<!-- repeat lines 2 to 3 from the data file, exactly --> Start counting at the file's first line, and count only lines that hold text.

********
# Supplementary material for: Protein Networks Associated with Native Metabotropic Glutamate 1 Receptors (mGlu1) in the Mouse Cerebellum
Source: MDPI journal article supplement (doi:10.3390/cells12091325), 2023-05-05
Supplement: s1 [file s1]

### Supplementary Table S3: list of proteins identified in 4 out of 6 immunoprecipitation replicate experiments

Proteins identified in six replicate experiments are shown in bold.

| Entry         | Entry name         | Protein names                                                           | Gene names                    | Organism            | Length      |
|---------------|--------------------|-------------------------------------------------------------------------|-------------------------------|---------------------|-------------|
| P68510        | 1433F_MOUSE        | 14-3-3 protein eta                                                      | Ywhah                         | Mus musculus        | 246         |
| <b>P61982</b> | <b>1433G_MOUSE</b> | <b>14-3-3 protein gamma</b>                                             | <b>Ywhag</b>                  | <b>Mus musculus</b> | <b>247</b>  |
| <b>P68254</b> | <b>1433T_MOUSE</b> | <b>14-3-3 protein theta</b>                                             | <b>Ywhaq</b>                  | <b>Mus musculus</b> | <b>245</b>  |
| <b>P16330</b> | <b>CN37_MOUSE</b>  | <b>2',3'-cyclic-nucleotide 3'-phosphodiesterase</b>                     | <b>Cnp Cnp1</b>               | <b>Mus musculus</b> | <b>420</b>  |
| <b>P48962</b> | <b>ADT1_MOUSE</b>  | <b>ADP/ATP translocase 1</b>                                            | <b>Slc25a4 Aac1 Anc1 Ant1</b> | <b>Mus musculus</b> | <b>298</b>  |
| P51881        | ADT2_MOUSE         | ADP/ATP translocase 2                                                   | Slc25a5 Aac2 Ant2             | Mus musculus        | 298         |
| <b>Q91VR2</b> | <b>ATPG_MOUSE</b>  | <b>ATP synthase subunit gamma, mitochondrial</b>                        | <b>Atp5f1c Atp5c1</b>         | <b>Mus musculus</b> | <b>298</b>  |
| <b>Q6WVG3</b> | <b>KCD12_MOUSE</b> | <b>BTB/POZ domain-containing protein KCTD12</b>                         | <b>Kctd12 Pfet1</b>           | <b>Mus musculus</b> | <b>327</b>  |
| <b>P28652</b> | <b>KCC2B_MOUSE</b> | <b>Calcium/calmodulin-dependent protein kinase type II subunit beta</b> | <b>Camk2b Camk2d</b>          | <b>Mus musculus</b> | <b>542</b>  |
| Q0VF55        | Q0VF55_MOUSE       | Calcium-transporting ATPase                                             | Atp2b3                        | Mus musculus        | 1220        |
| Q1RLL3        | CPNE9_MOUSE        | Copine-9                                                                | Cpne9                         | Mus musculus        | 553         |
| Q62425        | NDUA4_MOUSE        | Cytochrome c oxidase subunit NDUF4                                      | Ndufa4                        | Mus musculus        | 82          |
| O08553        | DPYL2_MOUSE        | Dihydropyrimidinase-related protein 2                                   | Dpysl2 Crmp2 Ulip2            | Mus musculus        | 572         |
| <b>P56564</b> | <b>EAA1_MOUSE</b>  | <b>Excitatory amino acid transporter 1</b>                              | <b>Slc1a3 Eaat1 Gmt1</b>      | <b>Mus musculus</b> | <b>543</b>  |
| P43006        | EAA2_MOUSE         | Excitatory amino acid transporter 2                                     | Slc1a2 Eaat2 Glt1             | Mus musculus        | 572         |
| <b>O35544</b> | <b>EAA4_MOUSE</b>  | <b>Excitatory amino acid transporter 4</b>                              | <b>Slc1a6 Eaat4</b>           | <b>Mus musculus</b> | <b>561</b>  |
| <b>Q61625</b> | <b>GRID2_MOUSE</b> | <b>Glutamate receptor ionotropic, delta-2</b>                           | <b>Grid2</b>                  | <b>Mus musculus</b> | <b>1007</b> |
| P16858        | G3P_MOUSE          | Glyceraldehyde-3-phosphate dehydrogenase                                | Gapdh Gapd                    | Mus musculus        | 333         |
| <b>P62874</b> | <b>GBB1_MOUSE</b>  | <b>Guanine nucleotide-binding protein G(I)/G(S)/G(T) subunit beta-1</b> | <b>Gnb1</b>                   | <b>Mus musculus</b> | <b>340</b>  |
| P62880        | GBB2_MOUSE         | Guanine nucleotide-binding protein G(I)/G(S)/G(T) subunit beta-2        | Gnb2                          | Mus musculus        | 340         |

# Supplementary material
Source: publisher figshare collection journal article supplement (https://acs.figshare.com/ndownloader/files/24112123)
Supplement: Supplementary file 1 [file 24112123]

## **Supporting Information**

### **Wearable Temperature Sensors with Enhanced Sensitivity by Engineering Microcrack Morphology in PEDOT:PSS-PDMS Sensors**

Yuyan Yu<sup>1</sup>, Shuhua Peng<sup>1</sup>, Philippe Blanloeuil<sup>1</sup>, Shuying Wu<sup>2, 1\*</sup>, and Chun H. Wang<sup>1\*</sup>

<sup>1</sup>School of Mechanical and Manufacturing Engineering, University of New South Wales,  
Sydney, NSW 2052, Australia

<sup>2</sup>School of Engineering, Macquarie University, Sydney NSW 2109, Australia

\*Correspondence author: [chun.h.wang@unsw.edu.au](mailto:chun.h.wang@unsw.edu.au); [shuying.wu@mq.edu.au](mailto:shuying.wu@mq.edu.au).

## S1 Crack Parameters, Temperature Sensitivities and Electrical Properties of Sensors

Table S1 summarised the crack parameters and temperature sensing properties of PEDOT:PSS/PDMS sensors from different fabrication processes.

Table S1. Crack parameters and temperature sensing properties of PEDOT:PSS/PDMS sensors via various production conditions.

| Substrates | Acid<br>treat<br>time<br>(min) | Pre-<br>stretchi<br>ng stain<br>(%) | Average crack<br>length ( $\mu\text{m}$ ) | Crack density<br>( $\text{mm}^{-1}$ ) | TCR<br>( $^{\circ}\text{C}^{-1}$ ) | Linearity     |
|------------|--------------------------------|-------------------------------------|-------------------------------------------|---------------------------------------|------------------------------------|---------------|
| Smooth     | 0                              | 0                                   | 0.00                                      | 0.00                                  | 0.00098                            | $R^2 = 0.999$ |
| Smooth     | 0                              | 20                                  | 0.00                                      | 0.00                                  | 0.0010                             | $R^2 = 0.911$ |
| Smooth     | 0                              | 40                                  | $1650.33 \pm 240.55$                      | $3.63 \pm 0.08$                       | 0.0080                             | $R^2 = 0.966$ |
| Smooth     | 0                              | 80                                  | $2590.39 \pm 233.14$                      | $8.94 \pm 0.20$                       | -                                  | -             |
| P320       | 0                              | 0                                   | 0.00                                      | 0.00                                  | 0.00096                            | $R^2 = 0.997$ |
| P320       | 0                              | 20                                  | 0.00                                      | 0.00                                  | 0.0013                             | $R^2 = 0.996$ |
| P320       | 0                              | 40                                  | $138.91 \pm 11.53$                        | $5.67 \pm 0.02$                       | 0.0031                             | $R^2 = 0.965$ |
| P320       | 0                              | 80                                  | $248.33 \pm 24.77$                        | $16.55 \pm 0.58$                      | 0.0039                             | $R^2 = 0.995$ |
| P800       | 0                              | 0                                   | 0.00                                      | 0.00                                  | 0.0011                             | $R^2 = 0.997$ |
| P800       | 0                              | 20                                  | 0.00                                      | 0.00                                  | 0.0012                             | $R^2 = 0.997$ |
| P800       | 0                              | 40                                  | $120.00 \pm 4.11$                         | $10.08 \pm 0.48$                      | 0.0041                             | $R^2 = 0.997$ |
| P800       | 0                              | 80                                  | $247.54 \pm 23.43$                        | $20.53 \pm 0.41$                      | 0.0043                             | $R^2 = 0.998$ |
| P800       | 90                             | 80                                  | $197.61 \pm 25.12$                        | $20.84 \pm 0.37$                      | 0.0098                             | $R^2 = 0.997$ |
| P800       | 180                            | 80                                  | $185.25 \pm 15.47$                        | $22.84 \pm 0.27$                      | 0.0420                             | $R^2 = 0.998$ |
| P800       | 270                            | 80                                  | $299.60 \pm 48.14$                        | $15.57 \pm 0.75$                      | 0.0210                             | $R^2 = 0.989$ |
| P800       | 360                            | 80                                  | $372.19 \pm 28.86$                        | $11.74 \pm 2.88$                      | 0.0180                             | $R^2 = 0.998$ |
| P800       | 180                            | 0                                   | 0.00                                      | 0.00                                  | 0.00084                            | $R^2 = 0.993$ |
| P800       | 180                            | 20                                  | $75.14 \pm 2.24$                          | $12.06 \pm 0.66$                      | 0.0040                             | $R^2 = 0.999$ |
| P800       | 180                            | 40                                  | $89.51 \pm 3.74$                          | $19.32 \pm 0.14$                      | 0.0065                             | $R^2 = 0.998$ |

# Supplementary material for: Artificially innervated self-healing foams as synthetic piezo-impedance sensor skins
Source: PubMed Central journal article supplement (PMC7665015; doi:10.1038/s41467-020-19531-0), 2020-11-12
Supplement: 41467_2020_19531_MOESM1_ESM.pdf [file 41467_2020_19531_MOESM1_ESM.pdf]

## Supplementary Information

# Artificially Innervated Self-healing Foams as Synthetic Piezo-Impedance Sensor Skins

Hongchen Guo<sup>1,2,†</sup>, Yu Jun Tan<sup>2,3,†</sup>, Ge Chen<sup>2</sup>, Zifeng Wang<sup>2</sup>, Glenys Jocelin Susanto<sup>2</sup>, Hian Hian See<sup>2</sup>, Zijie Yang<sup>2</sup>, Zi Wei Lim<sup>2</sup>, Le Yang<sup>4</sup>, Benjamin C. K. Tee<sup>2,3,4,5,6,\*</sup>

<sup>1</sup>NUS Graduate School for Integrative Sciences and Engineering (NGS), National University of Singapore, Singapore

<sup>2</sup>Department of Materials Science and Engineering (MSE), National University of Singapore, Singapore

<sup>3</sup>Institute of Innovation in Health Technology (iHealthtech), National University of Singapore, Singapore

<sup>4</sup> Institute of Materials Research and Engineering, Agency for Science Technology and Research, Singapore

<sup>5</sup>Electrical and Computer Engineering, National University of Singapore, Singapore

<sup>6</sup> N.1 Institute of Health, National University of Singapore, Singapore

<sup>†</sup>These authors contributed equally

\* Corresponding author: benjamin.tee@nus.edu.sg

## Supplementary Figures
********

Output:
Source: MDPI journal article supplement (doi:10.3390/cells12091325), 2023-05-05
Supplement: s1 [file s1]